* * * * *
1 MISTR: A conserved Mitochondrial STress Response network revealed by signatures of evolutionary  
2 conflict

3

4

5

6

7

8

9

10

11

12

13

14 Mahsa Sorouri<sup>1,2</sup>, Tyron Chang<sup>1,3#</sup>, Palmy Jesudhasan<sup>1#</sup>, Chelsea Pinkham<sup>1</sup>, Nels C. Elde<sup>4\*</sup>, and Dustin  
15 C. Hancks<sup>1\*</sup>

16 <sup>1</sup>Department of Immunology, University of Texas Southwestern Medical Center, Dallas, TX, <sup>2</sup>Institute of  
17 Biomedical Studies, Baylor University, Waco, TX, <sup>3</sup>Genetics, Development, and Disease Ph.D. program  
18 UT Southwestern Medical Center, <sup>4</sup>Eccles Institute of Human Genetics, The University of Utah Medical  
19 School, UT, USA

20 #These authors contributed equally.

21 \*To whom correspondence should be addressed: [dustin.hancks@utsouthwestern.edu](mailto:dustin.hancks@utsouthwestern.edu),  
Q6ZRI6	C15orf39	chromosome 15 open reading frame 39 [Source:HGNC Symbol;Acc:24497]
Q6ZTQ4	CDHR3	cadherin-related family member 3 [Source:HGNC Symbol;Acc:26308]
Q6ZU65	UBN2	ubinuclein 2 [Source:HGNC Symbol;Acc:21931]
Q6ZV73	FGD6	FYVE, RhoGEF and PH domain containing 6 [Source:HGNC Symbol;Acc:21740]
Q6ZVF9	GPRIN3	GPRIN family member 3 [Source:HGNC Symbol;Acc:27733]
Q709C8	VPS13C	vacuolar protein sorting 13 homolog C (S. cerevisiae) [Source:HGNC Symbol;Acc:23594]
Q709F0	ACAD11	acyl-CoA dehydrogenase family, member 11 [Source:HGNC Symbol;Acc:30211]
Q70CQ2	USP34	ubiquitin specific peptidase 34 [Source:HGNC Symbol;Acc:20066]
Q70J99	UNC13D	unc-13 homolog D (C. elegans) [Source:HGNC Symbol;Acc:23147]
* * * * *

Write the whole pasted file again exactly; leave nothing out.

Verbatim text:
1 MISTR: A conserved Mitochondrial STress Response network revealed by signatures of evolutionary  
2 conflict

3

4

5

6

7

8

9

10

11

12

13

14 Mahsa Sorouri<sup>1,2</sup>, Tyron Chang<sup>1,3#</sup>, Palmy Jesudhasan<sup>1#</sup>, Chelsea Pinkham<sup>1</sup>, Nels C. Elde<sup>4\*</sup>, and Dustin  
15 C. Hancks<sup>1\*</sup>

16 <sup>1</sup>Department of Immunology, University of Texas Southwestern Medical Center, Dallas, TX, <sup>2</sup>Institute of  
17 Biomedical Studies, Baylor University, Waco, TX, <sup>3</sup>Genetics, Development, and Disease Ph.D. program  
18 UT Southwestern Medical Center, <sup>4</sup>Eccles Institute of Human Genetics, The University of Utah Medical  
19 School, UT, USA

20 #These authors contributed equally.

21 \*To whom correspondence should be addressed: [dustin.hancks@utsouthwestern.edu](mailto:dustin.hancks@utsouthwestern.edu),  
Q6ZRI6	C15orf39	chromosome 15 open reading frame 39 [Source:HGNC Symbol;Acc:24497]
Q6ZTQ4	CDHR3	cadherin-related family member 3 [Source:HGNC Symbol;Acc:26308]
Q6ZU65	UBN2	ubinuclein 2 [Source:HGNC Symbol;Acc:21931]
Q6ZV73	FGD6	FYVE, RhoGEF and PH domain containing 6 [Source:HGNC Symbol;Acc:21740]
Q6ZVF9	GPRIN3	GPRIN family member 3 [Source:HGNC Symbol;Acc:27733]
Q709C8	VPS13C	vacuolar protein sorting 13 homolog C (S. cerevisiae) [Source:HGNC Symbol;Acc:23594]
Q709F0	ACAD11	acyl-CoA dehydrogenase family, member 11 [Source:HGNC Symbol;Acc:30211]
Q70CQ2	USP34	ubiquitin specific peptidase 34 [Source:HGNC Symbol;Acc:20066]
Q70J99	UNC13D	unc-13 homolog D (C. elegans) [Source:HGNC Symbol;Acc:23147]